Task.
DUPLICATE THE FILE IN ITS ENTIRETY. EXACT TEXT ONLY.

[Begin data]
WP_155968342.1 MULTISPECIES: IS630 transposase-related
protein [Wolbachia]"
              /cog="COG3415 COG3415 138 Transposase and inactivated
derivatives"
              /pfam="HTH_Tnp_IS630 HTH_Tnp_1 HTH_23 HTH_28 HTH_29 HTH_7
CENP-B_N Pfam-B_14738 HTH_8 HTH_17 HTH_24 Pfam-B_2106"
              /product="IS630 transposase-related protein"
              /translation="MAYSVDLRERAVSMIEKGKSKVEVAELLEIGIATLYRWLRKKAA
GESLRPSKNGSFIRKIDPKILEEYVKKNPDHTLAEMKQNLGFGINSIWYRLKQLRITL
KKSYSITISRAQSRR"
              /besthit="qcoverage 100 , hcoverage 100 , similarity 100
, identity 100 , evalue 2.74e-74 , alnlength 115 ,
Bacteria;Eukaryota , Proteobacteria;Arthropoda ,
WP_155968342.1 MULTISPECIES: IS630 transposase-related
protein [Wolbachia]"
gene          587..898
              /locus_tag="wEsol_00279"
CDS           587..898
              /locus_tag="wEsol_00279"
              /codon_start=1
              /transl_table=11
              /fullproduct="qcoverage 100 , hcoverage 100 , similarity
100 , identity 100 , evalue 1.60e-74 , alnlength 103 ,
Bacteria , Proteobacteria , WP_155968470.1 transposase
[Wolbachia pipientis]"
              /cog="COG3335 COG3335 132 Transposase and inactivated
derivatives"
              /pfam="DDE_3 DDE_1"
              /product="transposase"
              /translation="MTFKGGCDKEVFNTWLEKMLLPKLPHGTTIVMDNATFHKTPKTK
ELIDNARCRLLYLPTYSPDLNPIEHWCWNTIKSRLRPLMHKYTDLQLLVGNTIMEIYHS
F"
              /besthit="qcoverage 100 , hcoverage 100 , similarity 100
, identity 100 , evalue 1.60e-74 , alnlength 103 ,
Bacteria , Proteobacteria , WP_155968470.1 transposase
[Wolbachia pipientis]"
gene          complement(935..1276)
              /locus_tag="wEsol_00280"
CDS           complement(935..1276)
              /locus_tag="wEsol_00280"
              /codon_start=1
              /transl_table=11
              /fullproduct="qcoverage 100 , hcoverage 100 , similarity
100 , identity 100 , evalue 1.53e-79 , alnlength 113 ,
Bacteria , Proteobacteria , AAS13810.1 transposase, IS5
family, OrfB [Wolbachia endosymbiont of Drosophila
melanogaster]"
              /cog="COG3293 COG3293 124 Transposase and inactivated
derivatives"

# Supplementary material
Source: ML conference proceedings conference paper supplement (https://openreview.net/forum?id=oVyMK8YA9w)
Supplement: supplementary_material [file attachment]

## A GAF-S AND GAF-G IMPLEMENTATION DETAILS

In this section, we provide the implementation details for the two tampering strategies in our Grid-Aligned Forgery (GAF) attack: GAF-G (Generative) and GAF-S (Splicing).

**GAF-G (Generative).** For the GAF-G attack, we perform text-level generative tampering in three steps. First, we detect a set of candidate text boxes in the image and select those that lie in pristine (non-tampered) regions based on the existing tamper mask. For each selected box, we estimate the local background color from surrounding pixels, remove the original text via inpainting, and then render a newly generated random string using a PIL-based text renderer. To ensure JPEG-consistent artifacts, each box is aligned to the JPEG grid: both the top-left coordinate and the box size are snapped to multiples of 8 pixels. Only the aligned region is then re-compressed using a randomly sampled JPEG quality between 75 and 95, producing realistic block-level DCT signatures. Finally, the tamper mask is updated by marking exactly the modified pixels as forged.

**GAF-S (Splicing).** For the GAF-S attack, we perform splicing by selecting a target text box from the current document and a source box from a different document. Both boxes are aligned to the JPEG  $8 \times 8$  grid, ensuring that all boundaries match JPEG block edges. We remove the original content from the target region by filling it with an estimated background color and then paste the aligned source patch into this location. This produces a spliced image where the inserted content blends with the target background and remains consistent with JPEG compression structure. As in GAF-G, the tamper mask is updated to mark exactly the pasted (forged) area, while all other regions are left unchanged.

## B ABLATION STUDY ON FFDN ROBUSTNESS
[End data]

WP_155968342.1 MULTISPECIES: IS630 transposase-related
protein [Wolbachia]"
              /cog="COG3415 COG3415 138 Transposase and inactivated
derivatives"
              /pfam="HTH_Tnp_IS630 HTH_Tnp_1 HTH_23 HTH_28 HTH_29 HTH_7
CENP-B_N Pfam-B_14738 HTH_8 HTH_17 HTH_24 Pfam-B_2106"
              /product="IS630 transposase-related protein"
              /translation="MAYSVDLRERAVSMIEKGKSKVEVAELLEIGIATLYRWLRKKAA
GESLRPSKNGSFIRKIDPKILEEYVKKNPDHTLAEMKQNLGFGINSIWYRLKQLRITL
KKSYSITISRAQSRR"
              /besthit="qcoverage 100 , hcoverage 100 , similarity 100
, identity 100 , evalue 2.74e-74 , alnlength 115 ,
Bacteria;Eukaryota , Proteobacteria;Arthropoda ,
WP_155968342.1 MULTISPECIES: IS630 transposase-related
protein [Wolbachia]"
gene          587..898
              /locus_tag="wEsol_00279"
CDS           587..898
              /locus_tag="wEsol_00279"
              /codon_start=1
              /transl_table=11
              /fullproduct="qcoverage 100 , hcoverage 100 , similarity
100 , identity 100 , evalue 1.60e-74 , alnlength 103 ,
Bacteria , Proteobacteria , WP_155968470.1 transposase
[Wolbachia pipientis]"
              /cog="COG3335 COG3335 132 Transposase and inactivated
derivatives"
              /pfam="DDE_3 DDE_1"
              /product="transposase"
              /translation="MTFKGGCDKEVFNTWLEKMLLPKLPHGTTIVMDNATFHKTPKTK
ELIDNARCRLLYLPTYSPDLNPIEHWCWNTIKSRLRPLMHKYTDLQLLVGNTIMEIYHS
F"
              /besthit="qcoverage 100 , hcoverage 100 , similarity 100
, identity 100 , evalue 1.60e-74 , alnlength 103 ,
Bacteria , Proteobacteria , WP_155968470.1 transposase
[Wolbachia pipientis]"
gene          complement(935..1276)
              /locus_tag="wEsol_00280"
CDS           complement(935..1276)
              /locus_tag="wEsol_00280"
              /codon_start=1
              /transl_table=11
              /fullproduct="qcoverage 100 , hcoverage 100 , similarity
100 , identity 100 , evalue 1.53e-79 , alnlength 113 ,
Bacteria , Proteobacteria , AAS13810.1 transposase, IS5
family, OrfB [Wolbachia endosymbiont of Drosophila
melanogaster]"
              /cog="COG3293 COG3293 124 Transposase and inactivated
derivatives"

# Supplementary material
Source: ML conference proceedings conference paper supplement (https://openreview.net/forum?id=oVyMK8YA9w)
Supplement: supplementary_material [file attachment]

## A GAF-S AND GAF-G IMPLEMENTATION DETAILS

In this section, we provide the implementation details for the two tampering strategies in our Grid-Aligned Forgery (GAF) attack: GAF-G (Generative) and GAF-S (Splicing).

**GAF-G (Generative).** For the GAF-G attack, we perform text-level generative tampering in three steps. First, we detect a set of candidate text boxes in the image and select those that lie in pristine (non-tampered) regions based on the existing tamper mask. For each selected box, we estimate the local background color from surrounding pixels, remove the original text via inpainting, and then render a newly generated random string using a PIL-based text renderer. To ensure JPEG-consistent artifacts, each box is aligned to the JPEG grid: both the top-left coordinate and the box size are snapped to multiples of 8 pixels. Only the aligned region is then re-compressed using a randomly sampled JPEG quality between 75 and 95, producing realistic block-level DCT signatures. Finally, the tamper mask is updated by marking exactly the modified pixels as forged.

**GAF-S (Splicing).** For the GAF-S attack, we perform splicing by selecting a target text box from the current document and a source box from a different document. Both boxes are aligned to the JPEG  $8 \times 8$  grid, ensuring that all boundaries match JPEG block edges. We remove the original content from the target region by filling it with an estimated background color and then paste the aligned source patch into this location. This produces a spliced image where the inserted content blends with the target background and remains consistent with JPEG compression structure. As in GAF-G, the tamper mask is updated to mark exactly the pasted (forged) area, while all other regions are left unchanged.

## B ABLATION STUDY ON FFDN ROBUSTNESS